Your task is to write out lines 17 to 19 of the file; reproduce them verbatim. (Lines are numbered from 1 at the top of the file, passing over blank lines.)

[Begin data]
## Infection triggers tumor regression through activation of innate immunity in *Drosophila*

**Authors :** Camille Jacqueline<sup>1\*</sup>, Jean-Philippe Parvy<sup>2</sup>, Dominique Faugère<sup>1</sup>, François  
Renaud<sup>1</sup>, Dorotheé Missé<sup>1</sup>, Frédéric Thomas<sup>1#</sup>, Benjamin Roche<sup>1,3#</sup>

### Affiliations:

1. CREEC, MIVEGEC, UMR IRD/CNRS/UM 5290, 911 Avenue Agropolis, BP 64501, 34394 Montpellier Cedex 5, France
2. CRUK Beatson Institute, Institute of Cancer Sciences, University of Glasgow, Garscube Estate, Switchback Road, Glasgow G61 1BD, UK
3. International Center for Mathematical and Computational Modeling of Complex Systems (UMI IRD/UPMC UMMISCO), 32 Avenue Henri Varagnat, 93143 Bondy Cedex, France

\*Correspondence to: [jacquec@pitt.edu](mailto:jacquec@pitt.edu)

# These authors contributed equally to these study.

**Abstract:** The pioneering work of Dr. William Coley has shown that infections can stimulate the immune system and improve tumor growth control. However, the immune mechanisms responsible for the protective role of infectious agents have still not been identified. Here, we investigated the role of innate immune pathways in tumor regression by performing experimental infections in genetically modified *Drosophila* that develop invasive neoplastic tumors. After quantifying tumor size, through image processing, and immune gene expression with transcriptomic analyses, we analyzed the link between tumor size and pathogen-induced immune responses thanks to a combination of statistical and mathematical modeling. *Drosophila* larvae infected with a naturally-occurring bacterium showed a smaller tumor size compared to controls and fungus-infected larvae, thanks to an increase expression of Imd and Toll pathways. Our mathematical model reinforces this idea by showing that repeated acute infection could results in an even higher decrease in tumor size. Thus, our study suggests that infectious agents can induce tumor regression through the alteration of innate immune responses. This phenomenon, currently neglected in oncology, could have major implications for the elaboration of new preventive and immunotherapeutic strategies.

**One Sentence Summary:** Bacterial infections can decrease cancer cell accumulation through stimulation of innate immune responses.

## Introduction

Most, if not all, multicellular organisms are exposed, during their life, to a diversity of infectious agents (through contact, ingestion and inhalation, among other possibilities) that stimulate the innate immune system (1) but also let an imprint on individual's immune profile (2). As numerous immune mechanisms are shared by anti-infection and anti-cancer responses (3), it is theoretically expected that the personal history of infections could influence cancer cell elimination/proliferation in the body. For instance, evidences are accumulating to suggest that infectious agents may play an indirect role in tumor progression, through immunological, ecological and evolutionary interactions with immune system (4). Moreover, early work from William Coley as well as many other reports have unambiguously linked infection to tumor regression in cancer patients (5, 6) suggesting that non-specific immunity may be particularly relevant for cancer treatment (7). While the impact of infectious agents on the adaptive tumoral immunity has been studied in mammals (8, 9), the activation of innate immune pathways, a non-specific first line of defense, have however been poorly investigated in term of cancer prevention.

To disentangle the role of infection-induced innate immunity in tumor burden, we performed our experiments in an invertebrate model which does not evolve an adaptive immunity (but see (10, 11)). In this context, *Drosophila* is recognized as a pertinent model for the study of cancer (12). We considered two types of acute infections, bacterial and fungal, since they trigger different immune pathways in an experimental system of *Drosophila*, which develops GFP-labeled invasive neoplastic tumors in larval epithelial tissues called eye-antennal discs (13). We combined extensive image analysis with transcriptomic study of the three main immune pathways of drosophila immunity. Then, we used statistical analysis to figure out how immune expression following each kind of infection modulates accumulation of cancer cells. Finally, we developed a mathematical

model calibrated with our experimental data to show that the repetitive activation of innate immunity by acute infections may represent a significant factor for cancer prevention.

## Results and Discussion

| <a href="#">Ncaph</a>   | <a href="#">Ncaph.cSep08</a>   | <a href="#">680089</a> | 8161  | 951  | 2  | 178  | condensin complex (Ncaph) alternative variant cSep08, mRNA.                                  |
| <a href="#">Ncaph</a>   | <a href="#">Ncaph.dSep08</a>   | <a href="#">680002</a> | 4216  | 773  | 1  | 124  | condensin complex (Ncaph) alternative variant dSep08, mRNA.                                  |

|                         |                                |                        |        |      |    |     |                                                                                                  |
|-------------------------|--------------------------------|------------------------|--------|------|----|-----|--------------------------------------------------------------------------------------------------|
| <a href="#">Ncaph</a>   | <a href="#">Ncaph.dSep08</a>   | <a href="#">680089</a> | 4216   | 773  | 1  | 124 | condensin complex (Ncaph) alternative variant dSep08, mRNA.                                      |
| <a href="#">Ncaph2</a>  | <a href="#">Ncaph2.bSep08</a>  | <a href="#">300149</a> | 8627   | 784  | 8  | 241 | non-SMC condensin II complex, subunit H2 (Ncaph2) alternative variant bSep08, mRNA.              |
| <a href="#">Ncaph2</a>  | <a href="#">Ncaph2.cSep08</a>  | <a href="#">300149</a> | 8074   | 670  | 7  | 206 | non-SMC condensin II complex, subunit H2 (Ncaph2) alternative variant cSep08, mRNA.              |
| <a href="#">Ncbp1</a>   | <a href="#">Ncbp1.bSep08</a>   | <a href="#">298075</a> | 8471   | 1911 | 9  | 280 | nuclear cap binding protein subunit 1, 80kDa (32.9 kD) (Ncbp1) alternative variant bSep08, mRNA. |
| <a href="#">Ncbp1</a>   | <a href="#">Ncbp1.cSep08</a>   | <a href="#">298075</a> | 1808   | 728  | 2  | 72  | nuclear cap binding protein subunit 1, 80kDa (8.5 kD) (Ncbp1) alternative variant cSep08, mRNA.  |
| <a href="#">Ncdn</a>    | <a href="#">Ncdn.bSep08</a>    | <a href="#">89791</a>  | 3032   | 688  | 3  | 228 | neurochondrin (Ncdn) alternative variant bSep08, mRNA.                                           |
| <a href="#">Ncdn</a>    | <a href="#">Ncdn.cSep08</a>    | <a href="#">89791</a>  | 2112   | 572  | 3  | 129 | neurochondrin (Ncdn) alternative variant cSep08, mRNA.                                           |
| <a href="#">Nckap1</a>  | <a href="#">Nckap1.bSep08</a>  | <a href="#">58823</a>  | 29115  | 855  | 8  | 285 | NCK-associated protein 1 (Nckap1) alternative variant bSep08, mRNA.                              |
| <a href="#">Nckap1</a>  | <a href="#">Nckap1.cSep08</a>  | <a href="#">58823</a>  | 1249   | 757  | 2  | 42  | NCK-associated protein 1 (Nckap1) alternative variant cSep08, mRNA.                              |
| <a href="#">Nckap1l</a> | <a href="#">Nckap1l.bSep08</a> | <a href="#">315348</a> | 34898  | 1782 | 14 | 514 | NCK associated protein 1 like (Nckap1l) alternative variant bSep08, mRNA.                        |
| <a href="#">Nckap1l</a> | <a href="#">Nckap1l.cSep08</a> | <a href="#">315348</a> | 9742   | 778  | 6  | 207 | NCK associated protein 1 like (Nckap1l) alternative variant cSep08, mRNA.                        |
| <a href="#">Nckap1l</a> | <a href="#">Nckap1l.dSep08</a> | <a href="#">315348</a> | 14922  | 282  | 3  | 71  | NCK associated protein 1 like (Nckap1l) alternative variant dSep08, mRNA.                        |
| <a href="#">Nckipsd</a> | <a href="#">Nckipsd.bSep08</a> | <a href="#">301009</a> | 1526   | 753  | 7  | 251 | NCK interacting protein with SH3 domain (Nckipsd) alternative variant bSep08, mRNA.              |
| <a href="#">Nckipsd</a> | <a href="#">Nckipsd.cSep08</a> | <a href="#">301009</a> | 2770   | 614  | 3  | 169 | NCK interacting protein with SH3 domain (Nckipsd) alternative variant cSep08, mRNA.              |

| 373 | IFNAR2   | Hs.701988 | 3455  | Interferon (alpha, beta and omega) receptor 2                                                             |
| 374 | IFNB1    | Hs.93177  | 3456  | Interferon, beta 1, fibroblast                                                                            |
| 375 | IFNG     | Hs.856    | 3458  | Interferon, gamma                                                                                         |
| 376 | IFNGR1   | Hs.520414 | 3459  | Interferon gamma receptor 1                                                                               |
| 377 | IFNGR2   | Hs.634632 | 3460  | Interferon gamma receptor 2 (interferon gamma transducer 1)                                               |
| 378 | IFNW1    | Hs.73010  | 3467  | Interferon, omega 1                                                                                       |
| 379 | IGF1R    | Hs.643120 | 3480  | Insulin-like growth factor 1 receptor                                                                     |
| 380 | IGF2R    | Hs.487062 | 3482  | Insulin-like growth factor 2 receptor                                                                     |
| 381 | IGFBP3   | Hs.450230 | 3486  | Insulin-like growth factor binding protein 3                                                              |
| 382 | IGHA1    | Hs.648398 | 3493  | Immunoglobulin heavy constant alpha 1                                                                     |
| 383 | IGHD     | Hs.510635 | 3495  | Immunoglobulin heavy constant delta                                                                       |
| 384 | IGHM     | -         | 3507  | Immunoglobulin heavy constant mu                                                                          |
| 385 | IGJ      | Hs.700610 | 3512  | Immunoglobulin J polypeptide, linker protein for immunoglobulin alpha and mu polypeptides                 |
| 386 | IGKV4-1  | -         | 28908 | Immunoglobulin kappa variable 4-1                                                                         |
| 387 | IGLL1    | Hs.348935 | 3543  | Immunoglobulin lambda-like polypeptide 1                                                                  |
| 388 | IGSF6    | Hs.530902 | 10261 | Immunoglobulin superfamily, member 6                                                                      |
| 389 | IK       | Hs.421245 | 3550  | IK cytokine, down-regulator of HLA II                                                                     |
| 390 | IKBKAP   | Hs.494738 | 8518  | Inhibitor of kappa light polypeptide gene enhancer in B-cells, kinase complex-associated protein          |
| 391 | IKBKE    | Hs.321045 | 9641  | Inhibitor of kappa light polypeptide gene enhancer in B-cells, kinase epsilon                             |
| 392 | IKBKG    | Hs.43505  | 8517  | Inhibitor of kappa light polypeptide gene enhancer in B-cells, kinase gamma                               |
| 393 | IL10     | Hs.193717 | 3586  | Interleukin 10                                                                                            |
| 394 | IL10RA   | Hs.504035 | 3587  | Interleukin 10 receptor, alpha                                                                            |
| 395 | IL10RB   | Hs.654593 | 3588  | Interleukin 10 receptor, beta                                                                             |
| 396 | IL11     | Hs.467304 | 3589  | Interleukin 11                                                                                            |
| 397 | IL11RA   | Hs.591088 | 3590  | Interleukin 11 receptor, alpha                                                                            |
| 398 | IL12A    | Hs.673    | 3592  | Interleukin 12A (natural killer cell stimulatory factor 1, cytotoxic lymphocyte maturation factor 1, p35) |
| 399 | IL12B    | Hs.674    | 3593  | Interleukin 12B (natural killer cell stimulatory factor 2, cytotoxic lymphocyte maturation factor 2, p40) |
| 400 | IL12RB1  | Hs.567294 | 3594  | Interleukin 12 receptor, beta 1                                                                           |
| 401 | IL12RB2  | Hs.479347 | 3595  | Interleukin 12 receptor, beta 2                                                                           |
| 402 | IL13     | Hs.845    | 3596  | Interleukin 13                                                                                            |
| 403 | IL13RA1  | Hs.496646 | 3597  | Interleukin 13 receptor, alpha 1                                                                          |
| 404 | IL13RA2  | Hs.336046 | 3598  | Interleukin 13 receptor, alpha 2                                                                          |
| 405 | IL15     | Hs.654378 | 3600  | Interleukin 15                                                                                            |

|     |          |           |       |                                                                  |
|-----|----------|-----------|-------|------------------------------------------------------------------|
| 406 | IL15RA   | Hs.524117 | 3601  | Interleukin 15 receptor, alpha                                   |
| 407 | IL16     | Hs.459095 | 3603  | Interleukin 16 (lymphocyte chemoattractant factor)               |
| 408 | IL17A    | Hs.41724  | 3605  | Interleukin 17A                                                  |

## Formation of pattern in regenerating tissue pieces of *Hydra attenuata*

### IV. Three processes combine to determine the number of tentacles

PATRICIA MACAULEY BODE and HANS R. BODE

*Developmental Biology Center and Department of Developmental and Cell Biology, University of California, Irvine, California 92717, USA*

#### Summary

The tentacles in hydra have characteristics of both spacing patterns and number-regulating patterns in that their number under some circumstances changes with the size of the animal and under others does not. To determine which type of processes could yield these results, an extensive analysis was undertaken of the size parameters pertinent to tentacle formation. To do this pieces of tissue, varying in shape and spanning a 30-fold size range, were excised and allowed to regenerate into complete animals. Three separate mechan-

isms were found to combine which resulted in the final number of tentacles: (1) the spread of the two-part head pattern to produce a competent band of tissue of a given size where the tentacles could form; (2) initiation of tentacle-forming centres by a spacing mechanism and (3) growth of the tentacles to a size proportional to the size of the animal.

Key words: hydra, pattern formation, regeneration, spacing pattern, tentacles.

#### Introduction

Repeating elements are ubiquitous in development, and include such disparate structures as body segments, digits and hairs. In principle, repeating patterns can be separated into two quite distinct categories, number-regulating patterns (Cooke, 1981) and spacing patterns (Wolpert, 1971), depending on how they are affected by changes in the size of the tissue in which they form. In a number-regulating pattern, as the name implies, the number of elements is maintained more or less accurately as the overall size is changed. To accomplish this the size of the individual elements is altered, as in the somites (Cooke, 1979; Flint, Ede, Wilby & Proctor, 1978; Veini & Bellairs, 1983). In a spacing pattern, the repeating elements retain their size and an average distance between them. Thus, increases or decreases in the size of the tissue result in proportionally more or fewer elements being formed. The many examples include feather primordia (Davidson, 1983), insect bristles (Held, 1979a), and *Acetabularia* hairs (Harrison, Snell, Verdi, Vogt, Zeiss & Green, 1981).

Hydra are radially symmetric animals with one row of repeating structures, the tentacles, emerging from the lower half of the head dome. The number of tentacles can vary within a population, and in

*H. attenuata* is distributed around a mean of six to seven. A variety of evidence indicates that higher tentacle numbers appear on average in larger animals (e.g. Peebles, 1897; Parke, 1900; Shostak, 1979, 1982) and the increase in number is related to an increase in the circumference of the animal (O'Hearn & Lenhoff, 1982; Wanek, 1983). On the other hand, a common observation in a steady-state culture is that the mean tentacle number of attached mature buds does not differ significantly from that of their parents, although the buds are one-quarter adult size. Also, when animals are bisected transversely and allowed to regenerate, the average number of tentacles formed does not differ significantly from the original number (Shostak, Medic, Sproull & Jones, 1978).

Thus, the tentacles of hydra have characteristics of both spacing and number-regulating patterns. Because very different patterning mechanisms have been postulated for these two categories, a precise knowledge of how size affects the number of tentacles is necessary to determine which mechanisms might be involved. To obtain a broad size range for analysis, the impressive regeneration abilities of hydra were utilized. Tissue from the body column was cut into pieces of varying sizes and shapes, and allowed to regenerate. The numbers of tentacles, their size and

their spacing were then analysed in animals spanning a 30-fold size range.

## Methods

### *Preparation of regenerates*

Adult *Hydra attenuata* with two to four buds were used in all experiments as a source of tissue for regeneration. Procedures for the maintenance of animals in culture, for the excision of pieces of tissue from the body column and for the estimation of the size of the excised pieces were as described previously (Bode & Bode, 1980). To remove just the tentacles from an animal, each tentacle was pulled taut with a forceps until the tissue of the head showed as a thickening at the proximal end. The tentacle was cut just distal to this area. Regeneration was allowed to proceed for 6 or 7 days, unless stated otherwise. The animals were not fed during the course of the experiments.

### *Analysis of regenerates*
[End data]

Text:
| <a href="#">Ncaph</a>   | <a href="#">Ncaph.cSep08</a>   | <a href="#">680089</a> | 8161  | 951  | 2  | 178  | condensin complex (Ncaph) alternative variant cSep08, mRNA.                                  |
| <a href="#">Ncaph</a>   | <a href="#">Ncaph.dSep08</a>   | <a href="#">680002</a> | 4216  | 773  | 1  | 124  | condensin complex (Ncaph) alternative variant dSep08, mRNA.                                  |

|                         |                                |                        |        |      |    |     |                                                                                                  |